The appeal was dismissed. Arizona law provided that a medical negligence claim accrued when the plaintiff had reason to connect their injury with some causative factor in a way that would put a reasonable person on notice to investigate whether the injury may be someone’s fault. Once that intellectual threshold was crossed, the plaintiff had two years to commence a claim.  Mrs Kopacz knew or should have known of a possible claim by 27 December 2013. She responded that her medical condition prevented her understanding what had happened and its cause. While Arizona law allowed for a limitation period to be delayed while a claimant was “of unsound mind”, hard evidence of incapacity was required. The plaintiff’s self-report was insufficient, even when supported by an affidavit from a family member. Accordingly, Mrs Kopacz had issued out of time.

Kopacz v Banner Health (Arizona Court of Appeals, 5 July 2018)

The Mutiny continues

Pitcairn Island, some readers will know, was settled by the mutineers of HMAV Bounty.  Their descendants make up most of the 50-person population of the Island.  The national occupation, it appears, is keeping lawyers employed.

Michael Warren was the mayor of Pitcairn Island.  Alarmingly (since he worked in child protection), he was charged with possession of child pornography and of grossly indecent items.  The matter was dealt with in the Pitcairn Islands Supreme Court. He was sentenced to be imprisoned for 20 months: The State v Warren (2016) Radio New Zealand, 5 March 2016.. His appeal to the Pitcairn Islands Court of Appeal [6 July 2016] was dismissed: Warren v The State (2016) Radio New Zealand, 14 July 2016 . He appealed to the Privy Council.

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Pitcairn Island (Image from here)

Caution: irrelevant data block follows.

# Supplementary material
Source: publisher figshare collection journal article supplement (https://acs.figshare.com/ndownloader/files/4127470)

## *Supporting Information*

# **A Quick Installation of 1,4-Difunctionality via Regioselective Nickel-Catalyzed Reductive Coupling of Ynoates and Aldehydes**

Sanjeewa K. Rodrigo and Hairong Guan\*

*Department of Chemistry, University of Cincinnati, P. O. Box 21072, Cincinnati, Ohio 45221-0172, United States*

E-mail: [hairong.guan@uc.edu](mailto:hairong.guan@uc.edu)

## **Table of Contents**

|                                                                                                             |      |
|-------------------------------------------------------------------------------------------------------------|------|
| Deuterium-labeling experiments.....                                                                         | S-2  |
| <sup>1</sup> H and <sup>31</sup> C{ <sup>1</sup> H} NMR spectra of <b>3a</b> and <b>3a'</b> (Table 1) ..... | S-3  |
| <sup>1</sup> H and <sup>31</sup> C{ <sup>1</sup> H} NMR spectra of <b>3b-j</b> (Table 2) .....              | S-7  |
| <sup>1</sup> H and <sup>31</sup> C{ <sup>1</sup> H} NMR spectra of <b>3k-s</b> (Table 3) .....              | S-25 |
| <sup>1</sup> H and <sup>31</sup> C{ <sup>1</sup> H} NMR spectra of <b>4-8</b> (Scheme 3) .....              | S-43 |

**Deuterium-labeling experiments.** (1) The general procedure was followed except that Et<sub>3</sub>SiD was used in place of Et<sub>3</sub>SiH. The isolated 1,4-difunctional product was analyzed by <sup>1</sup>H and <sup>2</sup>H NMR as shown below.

Perhaps in keeping with the Island’s mutinous heritage the appellant submitted that the Pitcairn Constitution Order 2010 was undemocratic, thereby breaching the Bill of Rights 1688 and various international human rights norms.  It followed (he said) that all arrangements for trials relating to Pitcairn were unlawful.

The Pitcairn Constitution Order was made under §2 of the British Settlements Act 1887 (UK) which says –

It shall be lawful for Her Majesty the Queen in Council from time to time to establish all such laws and institutions, and constitute such courts and officers, and make such provisions and regulations for the proceedings in the said courts and for the administration of justice, as may appear to Her Majesty in Council to be necessary for the peace, order, and good government of Her Majesty’s subjects and others within any British settlement.”

Following Sabally and N’Jie v Attorney General [1965] 1 QB 273, the Board accepted that the British Settlements Act 1887 did in fact enable the Crown to create a non-representative legislature where the population was too sparse or little-educated.  This was the situation of Pitcairn, whose population “is approximately 50 persons of whom fewer than 40 are adults”.

The appeal was dismissed

Warren v The State (Privy Council, 30 July 2018)

Pius wasn’t on the ballot

The 1949 Australian Federal Election is usually remembered for the election of the long-lived Liberal/Country Party government which lasted until 1972. It threw up one other interesting result: a High Court decision which (a little surprisingly) has never been reported.

Gordon Anderson was the winning candidate for the newly-formed electorate of Kingsford-Smith.  He took 49.7% of the vote.  His election was challenged by independent candidate Henry Crittenden (who took a whopping 3.2%).  Crittenden alleged that the Gordon – a Roman Catholic – was under an allegiance to the “Papal State”.  This would mean that his election breached §44(i) of the Australian Constitution. That section provides that –

Any person who … is under any acknowledgment of allegiance, obedience, or adherence to a foreign power, or is a subject or a citizen or entitled to the rights or privileges of a subject or a citizen of a foreign power shall be incapable of being chosen or of sitting as a senator or a member of the House of Representatives.

By contrast, s.116 of the constitution states that “no religious test shall be required as a qualification for any office … under the Commonwealth”.

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Nope! (Image from here)